Impact of land use and land use history on fruits production of Vitellaria paradoxa (Shea tree) according to agroclimatic zones in Mali (West Africa)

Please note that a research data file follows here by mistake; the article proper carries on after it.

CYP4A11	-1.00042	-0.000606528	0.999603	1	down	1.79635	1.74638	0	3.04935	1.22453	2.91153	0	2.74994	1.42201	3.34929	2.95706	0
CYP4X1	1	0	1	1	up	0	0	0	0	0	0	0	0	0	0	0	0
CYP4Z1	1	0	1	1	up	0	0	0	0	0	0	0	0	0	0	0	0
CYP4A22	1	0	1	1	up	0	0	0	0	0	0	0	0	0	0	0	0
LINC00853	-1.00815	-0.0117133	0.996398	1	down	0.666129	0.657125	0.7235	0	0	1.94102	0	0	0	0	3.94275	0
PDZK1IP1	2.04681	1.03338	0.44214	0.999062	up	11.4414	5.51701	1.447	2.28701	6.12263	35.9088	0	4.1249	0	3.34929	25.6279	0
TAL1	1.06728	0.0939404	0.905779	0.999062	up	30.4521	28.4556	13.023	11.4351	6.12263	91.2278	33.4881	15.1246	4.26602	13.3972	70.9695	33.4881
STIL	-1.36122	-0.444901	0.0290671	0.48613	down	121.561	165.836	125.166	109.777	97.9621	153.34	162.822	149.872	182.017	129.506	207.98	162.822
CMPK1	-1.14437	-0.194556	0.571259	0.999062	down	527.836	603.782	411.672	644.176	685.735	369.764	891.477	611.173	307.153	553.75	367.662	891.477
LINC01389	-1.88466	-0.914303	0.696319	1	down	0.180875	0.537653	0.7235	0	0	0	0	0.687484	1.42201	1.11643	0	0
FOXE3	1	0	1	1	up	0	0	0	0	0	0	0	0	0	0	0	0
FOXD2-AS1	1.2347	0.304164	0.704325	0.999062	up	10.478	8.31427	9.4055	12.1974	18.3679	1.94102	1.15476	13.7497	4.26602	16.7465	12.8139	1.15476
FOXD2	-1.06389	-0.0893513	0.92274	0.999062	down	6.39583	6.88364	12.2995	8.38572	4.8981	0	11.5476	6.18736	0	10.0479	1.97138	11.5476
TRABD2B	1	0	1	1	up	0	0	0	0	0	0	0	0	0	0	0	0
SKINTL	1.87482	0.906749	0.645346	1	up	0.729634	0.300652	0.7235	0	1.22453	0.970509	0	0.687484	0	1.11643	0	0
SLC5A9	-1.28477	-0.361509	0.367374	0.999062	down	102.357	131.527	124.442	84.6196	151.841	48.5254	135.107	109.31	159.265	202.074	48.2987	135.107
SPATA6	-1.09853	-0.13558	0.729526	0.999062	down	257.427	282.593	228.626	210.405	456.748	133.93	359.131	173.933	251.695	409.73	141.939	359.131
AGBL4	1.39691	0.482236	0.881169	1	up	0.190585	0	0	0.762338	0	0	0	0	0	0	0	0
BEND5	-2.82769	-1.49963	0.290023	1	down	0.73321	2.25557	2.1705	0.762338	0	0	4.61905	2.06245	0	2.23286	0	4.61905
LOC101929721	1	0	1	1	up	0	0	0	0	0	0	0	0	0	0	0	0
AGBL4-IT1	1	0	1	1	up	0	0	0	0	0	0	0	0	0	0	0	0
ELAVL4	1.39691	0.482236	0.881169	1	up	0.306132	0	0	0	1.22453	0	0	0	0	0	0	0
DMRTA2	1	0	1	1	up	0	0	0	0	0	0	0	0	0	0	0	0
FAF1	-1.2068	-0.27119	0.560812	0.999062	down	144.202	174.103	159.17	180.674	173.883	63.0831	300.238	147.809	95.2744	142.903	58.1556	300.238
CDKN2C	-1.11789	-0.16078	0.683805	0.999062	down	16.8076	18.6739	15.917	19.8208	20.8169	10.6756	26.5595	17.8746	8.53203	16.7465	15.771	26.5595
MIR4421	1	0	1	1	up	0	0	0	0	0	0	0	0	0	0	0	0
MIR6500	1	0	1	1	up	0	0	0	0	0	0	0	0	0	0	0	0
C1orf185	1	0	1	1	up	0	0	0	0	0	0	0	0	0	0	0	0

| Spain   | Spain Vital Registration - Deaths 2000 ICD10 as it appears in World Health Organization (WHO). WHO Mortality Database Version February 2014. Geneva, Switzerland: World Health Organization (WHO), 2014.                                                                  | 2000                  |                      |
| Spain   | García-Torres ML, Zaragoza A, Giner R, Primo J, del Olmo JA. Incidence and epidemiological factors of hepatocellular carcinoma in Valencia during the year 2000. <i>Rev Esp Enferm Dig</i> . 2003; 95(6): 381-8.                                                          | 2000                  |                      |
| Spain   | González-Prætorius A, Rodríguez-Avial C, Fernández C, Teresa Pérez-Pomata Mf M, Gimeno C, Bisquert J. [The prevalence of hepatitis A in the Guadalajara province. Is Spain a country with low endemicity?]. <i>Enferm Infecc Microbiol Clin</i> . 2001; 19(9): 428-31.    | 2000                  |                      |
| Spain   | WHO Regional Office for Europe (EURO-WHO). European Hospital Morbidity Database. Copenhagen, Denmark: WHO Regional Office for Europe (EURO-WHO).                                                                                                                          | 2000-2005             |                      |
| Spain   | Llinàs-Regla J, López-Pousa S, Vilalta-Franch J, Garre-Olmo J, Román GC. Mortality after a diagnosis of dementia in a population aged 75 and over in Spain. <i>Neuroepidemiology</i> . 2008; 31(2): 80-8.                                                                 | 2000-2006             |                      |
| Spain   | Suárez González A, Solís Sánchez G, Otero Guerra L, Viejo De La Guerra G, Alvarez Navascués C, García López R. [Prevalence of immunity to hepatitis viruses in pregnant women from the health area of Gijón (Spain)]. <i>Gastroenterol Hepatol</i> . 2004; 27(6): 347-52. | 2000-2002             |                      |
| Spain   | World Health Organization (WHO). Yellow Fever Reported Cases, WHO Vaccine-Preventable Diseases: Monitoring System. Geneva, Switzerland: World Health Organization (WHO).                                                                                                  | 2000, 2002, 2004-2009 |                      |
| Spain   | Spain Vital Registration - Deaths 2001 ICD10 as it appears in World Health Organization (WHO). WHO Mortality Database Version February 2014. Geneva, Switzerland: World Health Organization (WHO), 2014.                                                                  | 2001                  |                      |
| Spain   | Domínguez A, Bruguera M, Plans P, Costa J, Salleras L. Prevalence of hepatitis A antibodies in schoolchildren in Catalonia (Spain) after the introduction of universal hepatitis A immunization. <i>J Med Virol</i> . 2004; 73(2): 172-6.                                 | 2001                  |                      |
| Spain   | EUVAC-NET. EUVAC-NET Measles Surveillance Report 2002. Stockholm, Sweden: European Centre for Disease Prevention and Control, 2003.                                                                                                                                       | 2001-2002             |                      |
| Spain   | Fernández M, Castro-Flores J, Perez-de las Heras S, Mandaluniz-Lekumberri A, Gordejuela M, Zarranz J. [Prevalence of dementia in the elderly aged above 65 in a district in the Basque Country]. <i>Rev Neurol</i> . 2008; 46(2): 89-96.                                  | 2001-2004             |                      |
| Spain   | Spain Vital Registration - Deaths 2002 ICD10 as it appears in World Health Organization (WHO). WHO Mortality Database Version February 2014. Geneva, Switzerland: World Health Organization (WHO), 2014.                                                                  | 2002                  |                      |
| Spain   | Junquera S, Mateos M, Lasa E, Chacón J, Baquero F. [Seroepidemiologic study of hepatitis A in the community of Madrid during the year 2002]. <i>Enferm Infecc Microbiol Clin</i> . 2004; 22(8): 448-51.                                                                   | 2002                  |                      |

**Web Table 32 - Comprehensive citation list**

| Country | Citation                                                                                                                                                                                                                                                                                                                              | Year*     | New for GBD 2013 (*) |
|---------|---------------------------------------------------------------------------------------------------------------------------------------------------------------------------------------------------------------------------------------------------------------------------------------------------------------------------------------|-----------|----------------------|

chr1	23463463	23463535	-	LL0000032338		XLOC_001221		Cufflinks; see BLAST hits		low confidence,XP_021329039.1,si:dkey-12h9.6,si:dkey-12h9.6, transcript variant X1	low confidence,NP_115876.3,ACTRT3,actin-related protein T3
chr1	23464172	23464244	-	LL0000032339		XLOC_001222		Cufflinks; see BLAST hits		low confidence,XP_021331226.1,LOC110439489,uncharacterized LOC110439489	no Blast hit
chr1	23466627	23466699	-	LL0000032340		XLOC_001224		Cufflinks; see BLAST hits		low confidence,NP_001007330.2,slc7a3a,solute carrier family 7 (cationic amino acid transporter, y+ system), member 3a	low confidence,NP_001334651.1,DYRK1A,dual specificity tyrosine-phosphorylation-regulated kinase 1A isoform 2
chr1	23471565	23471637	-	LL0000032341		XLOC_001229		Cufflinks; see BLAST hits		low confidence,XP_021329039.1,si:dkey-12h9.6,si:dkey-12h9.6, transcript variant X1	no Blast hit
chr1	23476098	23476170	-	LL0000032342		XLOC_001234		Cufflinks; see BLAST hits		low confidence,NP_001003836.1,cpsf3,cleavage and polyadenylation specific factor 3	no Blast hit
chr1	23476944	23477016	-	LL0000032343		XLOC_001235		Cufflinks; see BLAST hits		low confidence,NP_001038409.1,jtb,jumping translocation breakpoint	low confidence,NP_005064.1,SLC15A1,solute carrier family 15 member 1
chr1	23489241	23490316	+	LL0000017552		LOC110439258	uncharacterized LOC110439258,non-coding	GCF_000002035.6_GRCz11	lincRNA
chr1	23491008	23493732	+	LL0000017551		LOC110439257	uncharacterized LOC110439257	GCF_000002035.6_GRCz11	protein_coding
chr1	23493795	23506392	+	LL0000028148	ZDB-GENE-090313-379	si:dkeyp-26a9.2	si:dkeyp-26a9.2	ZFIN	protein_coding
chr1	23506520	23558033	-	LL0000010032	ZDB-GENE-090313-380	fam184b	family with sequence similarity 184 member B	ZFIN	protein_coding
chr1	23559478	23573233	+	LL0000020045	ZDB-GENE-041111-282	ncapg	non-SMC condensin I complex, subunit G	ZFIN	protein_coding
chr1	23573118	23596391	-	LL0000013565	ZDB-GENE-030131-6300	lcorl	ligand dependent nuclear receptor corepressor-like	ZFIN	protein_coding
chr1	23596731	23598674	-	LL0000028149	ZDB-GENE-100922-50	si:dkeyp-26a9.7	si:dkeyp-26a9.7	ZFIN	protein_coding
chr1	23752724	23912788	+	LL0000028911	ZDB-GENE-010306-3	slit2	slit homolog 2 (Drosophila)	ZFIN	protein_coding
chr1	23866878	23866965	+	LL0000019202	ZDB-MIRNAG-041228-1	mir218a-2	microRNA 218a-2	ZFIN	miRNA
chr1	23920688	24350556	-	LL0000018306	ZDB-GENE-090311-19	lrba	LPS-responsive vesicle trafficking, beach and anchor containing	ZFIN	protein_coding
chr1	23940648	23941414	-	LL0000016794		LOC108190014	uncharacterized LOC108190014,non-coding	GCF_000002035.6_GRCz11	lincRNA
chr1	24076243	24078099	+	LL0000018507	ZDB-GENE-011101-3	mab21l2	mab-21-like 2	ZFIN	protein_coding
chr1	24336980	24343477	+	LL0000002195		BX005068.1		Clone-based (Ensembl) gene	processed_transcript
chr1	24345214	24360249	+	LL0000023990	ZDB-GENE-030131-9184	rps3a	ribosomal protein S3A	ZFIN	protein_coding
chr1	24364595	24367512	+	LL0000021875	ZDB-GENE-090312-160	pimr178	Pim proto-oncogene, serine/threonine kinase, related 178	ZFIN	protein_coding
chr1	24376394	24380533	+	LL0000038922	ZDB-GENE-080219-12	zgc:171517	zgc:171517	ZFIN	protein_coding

To understand how various factors influence phenological patterns like fruit production and the extent of phenological variability as survival strategy in different environments, fruit production of shea trees was studied in different agroclimatic zones (North Sudanian, South Sudanian and North Guinean) in Mali. Three sites were selected for this study and in each site; two stands (field and fallow) were concerned. For each stand, three “land use history or land management" i.e. new fields/fallows (1-5 years), medium (6-10 years) and old (10 years) were considered and permanent plots of 0.25 ha were established. 60 adult shea trees (DBH) ? 10 cm) were selected by site and monitored for fruit production assessment. The nested analysis of variance on the yield showed a significant site effect and significant effect of land use history within stand. However, stand effect within site was not significant. Factors like site and land management (land use history) appear to be determinant for fruit production of V. paradoxa. The site of Mperesso in the South Sudanian zone showed the highest fruit mean yield (11 kg/tree), significantly higher than the fruit mean yield observed at Daelan (7 kg/tree) in the North Sudanian zone and that observed at Nafégué (6 kg/tree) in the North Guinean zone. For field stand, old fields showed highest mean yield in all sites. For fallow stand, old fallows showed the lowest mean yield in most of cases. Different pattern was observed between field and fallow stands regarding the effect of land management. More fields are aged, more they influence positively fruit production whereas more fallows are aged, and more they influence negatively fruit production. This study highlighted the importance of land management practices and therefore, any domestication program to be successful should consider the potential effect of management practices.